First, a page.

Janet Shriberg, Doctorate of Education Columbia University, MPH John Hopkins University, is an Assistant Professor in the International Disaster Psychology program at the Graduate School of Professional Psychology and a member of CRI's faculty.
How did you become involved with the Conflict Resolution Institute?
My dissertation and research has been in the field of Post-Conflict Education, Restoration and Reconstruction, and I worked with The International Center for Cooperation and Conflict Resolution at Columbia. It made sense to continue this work at CRI when I came to DU.
We know you just returned from Sri Lanka. Could you tell us a bit about the work you were doing there?
I was working on child protection issues with an inter-agency NGO to develop psycho-social support systems and to design educational livlihood programs for the young people of Sri Lanka, particularly those between 15 and 24 years of age. The civil war there started over 25 years ago and these young people have known nothing else. Although the war is officially over, there are still over 300,000 internally displaced persons in the north of Sri Lanka who require effective strategies for re-integration. Although this was my first time in Sri Lanka, I have done a lot of work in areas immediately after conflict or natural disasters, most often with the International Rescue Committee.
What else are you working on?
I am working with Denver Public Schools on a development program for teachers who work with refugees. I am also a member of the International Teacher Task Team of the Inter-Agency Network for Education
in Emergencies, which is working to develop minimum standards and best practices for teachers working in areas of conflict. And I consult on child protection programs internationally.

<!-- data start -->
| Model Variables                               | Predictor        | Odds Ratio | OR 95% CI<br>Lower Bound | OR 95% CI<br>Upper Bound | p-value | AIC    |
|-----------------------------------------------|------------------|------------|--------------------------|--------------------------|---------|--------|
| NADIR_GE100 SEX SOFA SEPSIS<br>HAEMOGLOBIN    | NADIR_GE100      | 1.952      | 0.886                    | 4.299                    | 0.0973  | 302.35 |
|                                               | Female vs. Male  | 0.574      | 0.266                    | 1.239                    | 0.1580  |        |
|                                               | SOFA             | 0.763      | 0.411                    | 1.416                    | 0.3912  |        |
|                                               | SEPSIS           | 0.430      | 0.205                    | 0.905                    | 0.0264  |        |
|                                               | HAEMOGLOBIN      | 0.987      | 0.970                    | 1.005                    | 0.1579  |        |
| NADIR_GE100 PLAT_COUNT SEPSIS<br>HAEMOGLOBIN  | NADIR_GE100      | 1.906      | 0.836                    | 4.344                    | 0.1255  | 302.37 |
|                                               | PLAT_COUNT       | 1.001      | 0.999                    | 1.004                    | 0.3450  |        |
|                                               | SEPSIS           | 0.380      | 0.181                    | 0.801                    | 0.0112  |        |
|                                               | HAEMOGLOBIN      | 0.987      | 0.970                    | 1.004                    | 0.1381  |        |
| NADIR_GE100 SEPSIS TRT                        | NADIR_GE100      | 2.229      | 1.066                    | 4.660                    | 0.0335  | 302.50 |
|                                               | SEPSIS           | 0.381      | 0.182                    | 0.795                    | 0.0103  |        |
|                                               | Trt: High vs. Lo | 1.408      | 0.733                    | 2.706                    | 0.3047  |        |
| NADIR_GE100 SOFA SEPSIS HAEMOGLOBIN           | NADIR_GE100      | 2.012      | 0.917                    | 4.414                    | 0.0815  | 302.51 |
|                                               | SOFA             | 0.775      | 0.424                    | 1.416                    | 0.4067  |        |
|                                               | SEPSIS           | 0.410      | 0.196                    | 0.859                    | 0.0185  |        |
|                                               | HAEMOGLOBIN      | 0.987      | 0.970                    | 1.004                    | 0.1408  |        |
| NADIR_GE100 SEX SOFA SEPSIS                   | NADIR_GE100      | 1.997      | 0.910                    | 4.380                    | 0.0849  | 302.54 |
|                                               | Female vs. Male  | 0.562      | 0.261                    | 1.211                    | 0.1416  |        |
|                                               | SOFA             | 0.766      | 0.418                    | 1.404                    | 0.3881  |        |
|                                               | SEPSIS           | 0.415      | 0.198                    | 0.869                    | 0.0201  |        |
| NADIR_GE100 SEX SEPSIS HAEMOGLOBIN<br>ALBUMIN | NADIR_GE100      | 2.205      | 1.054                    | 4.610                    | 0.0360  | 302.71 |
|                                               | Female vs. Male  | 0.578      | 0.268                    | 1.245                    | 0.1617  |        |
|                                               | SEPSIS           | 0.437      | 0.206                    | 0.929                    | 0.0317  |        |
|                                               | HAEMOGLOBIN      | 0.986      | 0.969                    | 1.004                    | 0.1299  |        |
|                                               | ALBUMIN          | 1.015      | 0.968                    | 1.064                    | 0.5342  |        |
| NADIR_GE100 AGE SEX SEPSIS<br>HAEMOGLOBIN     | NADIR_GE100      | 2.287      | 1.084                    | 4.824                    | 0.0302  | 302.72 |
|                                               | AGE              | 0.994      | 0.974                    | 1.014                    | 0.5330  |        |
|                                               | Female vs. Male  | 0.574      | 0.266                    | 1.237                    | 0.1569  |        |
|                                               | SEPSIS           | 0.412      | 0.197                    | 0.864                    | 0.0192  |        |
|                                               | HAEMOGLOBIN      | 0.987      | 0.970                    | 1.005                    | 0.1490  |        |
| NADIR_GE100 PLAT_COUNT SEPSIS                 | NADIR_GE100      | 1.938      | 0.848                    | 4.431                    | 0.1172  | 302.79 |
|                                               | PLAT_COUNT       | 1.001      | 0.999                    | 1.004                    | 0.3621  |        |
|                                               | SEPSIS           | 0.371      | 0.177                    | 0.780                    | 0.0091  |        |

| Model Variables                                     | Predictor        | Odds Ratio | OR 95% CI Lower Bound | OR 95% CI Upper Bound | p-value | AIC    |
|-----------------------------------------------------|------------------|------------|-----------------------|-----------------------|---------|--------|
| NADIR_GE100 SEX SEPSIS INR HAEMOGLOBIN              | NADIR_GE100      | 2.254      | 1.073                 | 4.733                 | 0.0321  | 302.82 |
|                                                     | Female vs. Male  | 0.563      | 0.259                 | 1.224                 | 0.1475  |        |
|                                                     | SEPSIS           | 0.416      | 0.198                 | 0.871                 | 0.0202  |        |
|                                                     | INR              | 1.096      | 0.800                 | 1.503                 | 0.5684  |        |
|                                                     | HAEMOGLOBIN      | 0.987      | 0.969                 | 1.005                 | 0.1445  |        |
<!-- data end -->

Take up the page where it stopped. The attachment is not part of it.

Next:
What courses do you teach for conflict resolution students?
I teach a class called "Post Conflict Reconstruction: Rebuilding Education"
which is specifically designed for conflict resolution students.
What qualities or perspectives do conflict resolution students bring to the classroom?
They have an understanding of diverse community perspectives. They are respectful of differences and know how to work collectively and promote peacebuilding -- especially on issues of social justice.
What does the future hold for the field of conflict resolution?
The combination of research with practice and the cross-disciplinary nature of the field is critical to transforming communities. This combination also provides the tools necessary to interrupt conflict in understanding the various perspectives, whether it be on a community, national and/or international levels. In my area of youth development, teaching children how to develop and utilize their conflict resolution skills is also an area of growth. I have seen a lot of movement towards integrating conflict resolution (especially postconflict) into national curriculums.
What career opportunities do you see for current or prospective students?
There are many opportunities in the field of international post-conflict restoration and development -- in education programs, youth development programs, livelihood programs and assisting communities in rebuilding. There are also many opportunities in school systems in the U.S.
What advice would you offer to current students or for those considering the conflict resolution field?
To develop practical skills and to gain experience in a variety of settings around your particular area of interest. The balance of theory and practice will help develop skills necessary to understand context, community and what needs to be done to re-integrate communities. This will be what sets you apart as a candidate for a position.
Assistant Professor Janet Shriberg can be reached at Janet.Shriberg@du.edu
-- Autumn Gorman